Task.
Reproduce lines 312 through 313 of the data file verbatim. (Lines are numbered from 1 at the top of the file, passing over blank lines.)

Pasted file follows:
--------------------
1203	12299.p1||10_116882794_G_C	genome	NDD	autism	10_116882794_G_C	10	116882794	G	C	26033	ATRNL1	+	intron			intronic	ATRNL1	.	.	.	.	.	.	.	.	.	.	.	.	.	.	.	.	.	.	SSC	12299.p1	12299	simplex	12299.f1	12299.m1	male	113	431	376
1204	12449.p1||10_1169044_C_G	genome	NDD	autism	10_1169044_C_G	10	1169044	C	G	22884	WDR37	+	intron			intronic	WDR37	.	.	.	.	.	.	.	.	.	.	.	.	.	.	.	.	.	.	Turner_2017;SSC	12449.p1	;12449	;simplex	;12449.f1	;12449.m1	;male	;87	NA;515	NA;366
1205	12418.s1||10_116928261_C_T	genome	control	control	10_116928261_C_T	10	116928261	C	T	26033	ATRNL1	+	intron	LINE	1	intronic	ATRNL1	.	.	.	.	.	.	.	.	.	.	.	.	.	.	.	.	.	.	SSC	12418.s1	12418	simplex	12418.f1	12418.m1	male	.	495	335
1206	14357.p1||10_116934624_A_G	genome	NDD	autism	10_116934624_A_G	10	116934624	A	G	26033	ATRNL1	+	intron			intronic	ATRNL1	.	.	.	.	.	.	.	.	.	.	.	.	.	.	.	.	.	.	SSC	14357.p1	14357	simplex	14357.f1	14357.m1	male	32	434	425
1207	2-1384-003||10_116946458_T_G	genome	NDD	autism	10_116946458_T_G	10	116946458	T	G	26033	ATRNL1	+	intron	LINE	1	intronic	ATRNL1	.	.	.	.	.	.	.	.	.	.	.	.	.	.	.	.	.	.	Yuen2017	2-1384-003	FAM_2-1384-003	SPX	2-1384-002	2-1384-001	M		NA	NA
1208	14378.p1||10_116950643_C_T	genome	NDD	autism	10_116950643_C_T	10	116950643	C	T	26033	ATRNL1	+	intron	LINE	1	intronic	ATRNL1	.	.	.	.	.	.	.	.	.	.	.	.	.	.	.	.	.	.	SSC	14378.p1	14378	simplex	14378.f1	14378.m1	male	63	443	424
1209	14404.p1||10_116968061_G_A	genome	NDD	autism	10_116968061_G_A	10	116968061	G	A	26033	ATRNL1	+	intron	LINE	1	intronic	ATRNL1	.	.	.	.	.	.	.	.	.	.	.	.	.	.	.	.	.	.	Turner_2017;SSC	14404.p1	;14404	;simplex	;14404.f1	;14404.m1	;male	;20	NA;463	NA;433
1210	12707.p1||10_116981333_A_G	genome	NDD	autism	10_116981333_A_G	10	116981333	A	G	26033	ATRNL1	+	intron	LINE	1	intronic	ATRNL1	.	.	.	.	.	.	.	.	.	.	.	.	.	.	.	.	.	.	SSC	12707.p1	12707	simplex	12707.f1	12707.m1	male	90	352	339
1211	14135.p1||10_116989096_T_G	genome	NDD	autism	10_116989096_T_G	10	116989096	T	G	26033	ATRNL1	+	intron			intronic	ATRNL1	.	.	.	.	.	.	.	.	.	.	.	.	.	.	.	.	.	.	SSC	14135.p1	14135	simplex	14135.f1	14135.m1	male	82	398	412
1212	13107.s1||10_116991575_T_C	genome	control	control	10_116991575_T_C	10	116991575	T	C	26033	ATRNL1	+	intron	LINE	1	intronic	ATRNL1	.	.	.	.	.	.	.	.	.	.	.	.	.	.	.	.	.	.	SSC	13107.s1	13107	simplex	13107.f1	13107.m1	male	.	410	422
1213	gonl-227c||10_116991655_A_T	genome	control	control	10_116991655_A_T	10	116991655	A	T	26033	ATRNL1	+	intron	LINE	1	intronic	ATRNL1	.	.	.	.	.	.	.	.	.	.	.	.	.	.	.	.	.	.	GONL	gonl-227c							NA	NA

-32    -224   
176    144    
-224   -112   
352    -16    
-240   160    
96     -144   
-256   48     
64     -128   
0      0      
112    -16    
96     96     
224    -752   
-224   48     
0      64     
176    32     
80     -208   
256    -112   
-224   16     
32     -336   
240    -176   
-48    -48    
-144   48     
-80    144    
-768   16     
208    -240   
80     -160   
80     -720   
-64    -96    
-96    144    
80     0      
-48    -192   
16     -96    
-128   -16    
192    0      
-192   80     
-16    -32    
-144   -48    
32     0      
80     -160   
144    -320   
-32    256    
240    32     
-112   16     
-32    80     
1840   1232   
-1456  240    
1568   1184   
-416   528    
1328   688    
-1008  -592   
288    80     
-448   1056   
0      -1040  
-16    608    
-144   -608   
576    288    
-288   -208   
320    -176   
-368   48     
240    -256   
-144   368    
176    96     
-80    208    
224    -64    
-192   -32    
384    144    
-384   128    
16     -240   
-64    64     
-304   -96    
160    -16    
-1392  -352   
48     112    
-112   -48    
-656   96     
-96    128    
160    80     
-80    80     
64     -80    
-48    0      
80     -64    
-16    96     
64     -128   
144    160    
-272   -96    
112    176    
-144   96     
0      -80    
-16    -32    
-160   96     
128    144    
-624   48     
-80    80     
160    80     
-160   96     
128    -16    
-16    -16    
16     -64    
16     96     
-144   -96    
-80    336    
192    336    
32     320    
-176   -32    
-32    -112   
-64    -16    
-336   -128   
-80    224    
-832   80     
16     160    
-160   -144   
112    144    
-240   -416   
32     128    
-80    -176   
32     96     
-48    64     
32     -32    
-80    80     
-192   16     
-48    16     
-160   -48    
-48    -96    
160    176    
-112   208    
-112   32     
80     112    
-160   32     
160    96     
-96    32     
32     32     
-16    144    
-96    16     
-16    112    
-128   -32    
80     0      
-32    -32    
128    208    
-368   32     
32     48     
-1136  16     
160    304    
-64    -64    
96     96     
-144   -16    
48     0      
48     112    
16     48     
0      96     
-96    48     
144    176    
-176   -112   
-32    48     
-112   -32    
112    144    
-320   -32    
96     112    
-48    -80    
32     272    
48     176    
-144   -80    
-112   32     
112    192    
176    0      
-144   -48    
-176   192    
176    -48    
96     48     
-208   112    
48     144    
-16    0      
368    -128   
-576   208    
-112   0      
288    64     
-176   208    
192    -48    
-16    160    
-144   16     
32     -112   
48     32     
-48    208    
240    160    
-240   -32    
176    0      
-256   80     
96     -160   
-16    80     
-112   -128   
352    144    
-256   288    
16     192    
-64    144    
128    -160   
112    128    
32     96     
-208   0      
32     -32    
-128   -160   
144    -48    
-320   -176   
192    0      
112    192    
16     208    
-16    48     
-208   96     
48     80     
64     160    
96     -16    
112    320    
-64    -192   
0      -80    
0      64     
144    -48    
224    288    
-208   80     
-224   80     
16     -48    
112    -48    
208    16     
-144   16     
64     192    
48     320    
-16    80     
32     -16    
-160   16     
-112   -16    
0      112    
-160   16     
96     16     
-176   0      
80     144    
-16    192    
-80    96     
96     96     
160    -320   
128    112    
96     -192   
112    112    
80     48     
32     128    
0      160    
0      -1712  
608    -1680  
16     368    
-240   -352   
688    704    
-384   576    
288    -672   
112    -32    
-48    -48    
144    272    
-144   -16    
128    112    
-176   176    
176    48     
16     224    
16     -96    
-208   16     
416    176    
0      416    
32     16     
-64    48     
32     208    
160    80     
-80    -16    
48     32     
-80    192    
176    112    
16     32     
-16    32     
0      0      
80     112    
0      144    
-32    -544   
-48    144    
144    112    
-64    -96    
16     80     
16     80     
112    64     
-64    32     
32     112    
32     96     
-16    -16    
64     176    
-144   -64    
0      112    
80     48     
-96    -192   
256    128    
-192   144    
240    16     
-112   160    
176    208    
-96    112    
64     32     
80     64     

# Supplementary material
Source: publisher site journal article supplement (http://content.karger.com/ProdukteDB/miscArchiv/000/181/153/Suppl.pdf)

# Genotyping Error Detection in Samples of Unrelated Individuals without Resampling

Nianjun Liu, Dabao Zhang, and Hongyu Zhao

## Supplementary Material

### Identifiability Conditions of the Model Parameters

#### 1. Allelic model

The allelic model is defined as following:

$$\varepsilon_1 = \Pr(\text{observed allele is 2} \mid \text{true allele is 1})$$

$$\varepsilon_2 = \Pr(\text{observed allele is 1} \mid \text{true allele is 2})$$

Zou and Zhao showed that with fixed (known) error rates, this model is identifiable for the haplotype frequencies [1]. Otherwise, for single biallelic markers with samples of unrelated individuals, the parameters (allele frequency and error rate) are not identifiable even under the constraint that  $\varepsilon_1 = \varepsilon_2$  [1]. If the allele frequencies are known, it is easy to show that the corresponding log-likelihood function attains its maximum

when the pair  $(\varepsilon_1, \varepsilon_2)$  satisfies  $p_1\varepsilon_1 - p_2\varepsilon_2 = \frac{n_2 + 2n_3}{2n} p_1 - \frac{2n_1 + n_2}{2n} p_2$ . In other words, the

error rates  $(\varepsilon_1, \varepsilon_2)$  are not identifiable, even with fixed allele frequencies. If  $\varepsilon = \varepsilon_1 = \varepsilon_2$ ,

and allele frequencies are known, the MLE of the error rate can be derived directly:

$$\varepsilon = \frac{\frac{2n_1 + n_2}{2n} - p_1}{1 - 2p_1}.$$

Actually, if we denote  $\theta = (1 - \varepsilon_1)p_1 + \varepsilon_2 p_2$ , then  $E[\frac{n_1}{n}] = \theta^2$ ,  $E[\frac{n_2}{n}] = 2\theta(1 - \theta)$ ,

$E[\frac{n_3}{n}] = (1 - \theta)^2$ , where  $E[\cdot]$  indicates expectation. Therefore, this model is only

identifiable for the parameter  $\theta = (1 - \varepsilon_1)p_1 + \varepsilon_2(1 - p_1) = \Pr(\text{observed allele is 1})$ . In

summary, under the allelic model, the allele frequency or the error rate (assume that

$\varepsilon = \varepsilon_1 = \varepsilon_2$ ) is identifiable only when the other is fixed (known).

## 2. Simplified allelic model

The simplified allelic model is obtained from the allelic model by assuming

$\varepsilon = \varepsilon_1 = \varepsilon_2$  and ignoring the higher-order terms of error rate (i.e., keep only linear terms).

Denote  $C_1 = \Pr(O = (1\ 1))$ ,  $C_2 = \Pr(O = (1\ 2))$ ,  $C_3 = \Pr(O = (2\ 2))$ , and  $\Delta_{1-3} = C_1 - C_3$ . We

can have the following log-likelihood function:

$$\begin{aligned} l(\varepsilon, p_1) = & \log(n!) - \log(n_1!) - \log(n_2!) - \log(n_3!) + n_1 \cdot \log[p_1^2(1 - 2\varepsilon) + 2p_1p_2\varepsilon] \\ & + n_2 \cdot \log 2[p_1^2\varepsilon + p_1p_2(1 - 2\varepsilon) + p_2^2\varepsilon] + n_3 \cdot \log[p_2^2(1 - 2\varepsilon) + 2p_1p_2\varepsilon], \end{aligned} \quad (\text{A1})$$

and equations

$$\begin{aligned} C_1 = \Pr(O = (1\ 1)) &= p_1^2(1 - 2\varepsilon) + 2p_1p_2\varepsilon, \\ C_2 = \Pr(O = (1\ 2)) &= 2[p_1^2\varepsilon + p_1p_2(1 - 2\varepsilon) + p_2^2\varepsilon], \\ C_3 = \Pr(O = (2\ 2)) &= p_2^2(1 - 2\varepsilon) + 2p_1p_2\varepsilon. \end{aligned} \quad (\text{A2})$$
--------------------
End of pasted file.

# Genotyping Error Detection in Samples of Unrelated Individuals without Resampling

Nianjun Liu, Dabao Zhang, and Hongyu Zhao